def append(item,list): # not a primative
    return list + [item] # 2 of 2 plus signs in this code
def reverse(list): # not a primative
    if not list:
        return []
    return append(getl(list),reverse(getr(list)))

Just like L2, an empty list tests as False and a list with elements tests as True.

Methods can be constructed to test for negativity and negate an integer representation.

def is_neg_bin_rep(rep):
    return rep and getl(rep) == '-'

def neg_bin_rep(rep):
    if not rep:
        return rep
    elif is_neg_bin_rep(rep):
        return getr(rep) #getr pops the negative sign
        return cell('-',rep)

To clean up any representations with leading zero symbols, or any other symbols, they can be removed from the right side.

def rep_strip(res,remove='o'):
    if not res:
        return []
    keep = rep_strip(getr(res))
    if keep or getl(res) != remove:
        return cell(getl(res),keep)
        return []

Addition and Subtraction

The addition algorithms, like the corresponding algorithm to add base-10 numbers, will add numbers in columns of place value, carrying to the next place value if there is overflow. Summing two bits, $A$ and $B$, there can be a maximum result $R$ and carry $C$ of one.

$A$ $B$ $R$ $C$
0 0 $\rightarrow$ 0 0
0 1 $\rightarrow$ 1 0
1 0 $\rightarrow$ 1 0
1 1 $\rightarrow$ 0 1

This is easy to implement in code with cascading if statements:

def add_bin_bit_nocarry(a,b):
    if a == 'o':
        if a == b:
            return 'o','o'
            return 'i','o'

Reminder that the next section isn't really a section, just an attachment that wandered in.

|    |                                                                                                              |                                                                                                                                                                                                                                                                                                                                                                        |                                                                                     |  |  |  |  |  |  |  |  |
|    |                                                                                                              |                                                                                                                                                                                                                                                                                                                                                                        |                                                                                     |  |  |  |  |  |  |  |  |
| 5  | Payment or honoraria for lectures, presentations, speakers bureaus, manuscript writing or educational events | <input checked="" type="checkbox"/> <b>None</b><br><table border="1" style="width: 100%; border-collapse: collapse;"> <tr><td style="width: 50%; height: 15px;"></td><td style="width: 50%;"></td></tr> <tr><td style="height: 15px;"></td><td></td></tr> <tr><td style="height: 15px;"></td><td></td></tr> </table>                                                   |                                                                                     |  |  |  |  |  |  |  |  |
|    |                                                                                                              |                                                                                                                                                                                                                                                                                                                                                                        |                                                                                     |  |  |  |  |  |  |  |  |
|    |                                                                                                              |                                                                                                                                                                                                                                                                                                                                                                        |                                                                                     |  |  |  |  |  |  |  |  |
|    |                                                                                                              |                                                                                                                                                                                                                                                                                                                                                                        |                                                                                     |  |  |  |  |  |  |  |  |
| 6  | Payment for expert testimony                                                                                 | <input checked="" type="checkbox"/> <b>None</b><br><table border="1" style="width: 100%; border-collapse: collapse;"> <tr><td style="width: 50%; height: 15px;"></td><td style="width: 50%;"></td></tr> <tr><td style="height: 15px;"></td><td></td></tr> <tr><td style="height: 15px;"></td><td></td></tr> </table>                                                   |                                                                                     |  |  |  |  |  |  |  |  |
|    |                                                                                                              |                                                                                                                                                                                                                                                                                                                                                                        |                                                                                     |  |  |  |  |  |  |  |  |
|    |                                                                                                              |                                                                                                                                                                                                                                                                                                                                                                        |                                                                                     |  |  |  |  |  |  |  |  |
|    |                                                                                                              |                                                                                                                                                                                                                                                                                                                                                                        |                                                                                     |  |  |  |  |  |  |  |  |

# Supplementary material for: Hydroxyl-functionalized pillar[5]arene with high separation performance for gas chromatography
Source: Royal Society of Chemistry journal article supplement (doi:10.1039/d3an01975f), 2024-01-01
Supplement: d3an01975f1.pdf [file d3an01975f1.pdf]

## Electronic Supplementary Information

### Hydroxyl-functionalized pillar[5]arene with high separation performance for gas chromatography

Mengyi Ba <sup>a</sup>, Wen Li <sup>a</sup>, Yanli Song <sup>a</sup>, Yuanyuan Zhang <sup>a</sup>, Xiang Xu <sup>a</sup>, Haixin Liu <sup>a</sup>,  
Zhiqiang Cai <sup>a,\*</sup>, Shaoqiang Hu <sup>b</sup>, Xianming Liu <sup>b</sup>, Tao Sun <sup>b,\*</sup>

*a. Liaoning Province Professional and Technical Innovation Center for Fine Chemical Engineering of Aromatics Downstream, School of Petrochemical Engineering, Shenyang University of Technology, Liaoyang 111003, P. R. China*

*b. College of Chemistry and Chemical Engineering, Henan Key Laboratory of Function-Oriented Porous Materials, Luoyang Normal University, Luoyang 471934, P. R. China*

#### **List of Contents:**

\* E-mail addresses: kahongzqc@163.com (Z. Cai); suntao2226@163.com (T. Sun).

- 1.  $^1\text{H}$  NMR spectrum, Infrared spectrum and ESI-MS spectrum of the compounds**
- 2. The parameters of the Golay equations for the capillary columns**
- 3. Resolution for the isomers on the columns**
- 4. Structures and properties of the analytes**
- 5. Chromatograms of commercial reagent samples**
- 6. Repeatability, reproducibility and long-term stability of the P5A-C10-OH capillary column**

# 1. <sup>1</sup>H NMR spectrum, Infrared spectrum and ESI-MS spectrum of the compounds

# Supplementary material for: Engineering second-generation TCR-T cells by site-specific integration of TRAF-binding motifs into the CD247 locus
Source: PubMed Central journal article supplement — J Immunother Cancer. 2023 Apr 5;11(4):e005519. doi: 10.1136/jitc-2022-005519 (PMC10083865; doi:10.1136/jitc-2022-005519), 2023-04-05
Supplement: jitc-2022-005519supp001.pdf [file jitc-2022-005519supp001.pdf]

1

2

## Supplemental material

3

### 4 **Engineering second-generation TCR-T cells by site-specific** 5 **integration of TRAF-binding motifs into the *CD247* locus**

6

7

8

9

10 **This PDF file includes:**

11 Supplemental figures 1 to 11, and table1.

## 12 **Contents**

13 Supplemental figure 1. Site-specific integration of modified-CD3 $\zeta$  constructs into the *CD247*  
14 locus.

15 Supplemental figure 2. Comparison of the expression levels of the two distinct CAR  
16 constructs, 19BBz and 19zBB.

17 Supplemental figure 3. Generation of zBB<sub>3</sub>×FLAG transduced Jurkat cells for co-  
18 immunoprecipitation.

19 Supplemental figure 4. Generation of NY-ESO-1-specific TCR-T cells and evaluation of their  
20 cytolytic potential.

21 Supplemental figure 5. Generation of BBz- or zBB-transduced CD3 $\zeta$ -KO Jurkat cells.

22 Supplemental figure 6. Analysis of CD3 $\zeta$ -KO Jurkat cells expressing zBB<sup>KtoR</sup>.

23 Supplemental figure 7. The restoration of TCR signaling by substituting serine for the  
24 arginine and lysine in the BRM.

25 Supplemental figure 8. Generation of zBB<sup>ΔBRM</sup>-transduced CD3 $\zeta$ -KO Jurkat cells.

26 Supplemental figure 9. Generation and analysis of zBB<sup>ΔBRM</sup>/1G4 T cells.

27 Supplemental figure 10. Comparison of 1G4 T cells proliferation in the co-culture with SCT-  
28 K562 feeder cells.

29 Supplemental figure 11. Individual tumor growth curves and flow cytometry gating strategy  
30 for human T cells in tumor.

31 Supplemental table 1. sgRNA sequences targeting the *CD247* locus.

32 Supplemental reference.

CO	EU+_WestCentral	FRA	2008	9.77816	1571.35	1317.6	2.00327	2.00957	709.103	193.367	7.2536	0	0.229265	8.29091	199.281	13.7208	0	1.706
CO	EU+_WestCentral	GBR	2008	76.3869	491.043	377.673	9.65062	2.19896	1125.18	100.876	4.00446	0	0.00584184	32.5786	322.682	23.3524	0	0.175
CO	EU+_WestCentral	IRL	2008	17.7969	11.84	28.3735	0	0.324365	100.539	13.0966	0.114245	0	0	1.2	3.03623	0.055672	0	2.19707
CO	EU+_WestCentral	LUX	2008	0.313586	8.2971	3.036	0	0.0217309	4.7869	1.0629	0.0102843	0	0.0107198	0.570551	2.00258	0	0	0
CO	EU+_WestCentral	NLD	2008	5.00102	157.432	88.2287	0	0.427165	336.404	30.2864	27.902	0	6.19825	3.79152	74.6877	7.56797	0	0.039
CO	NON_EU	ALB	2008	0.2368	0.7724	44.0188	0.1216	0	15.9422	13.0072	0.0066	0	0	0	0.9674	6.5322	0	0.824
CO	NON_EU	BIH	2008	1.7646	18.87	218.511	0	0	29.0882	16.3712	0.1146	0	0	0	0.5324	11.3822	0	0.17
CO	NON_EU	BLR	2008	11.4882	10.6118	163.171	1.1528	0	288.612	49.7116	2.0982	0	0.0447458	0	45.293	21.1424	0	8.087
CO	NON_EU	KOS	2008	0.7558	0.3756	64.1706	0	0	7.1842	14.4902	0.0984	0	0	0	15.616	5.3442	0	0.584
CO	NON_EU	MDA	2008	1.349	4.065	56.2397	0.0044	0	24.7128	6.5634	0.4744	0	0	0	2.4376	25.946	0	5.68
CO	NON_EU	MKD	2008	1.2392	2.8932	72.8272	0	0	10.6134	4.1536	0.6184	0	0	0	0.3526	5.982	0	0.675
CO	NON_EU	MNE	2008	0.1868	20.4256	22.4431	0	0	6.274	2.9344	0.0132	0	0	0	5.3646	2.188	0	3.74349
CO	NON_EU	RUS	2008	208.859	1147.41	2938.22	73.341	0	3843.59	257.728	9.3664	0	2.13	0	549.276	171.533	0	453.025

if a == b:
            return 'o','i'
            return 'i','o'

In practice, adding the bits at a place value also requires including the carry from a less significant place value. This means adding three bits, $A$, $B$, and $C’$ is necessary. This can be accomplished by chaining three copies of the two-bit adder. Since the result of adding three bits is at most three, a result and carry bit is still all that is required as the result.

def add_bin_bit(a,b,carry):
    res,carry_a = add_bin_bit_nocarry(a,b) # add the bits
    res,carry_b = add_bin_bit_nocarry(res,carry) # add carry to the result
    carry,_ = add_bin_bit_nocarry(carry_a,carry_b) # only one operation could carry, so no carry here
    return res,carry

Then some recursion can be used to iterate over and add the bits in two representations, with some logic to handle numbers with different bit lengths. The carry is passed to each place value, and initialized to zero for the ones place.

def add_bin_rep(a,b,carry='o'):
    if a and b:
        res,carry = add_bin_bit(getl(a),getl(b),carry)
        return cell(res,add_bin_rep(getr(a),getr(b),carry))
    elif a: # a was longer
        res,carry = add_bin_bit_nocarry(getl(a),carry)
        return cell(res,add_bin_rep(getr(a),[],carry))
    elif b: # b was longer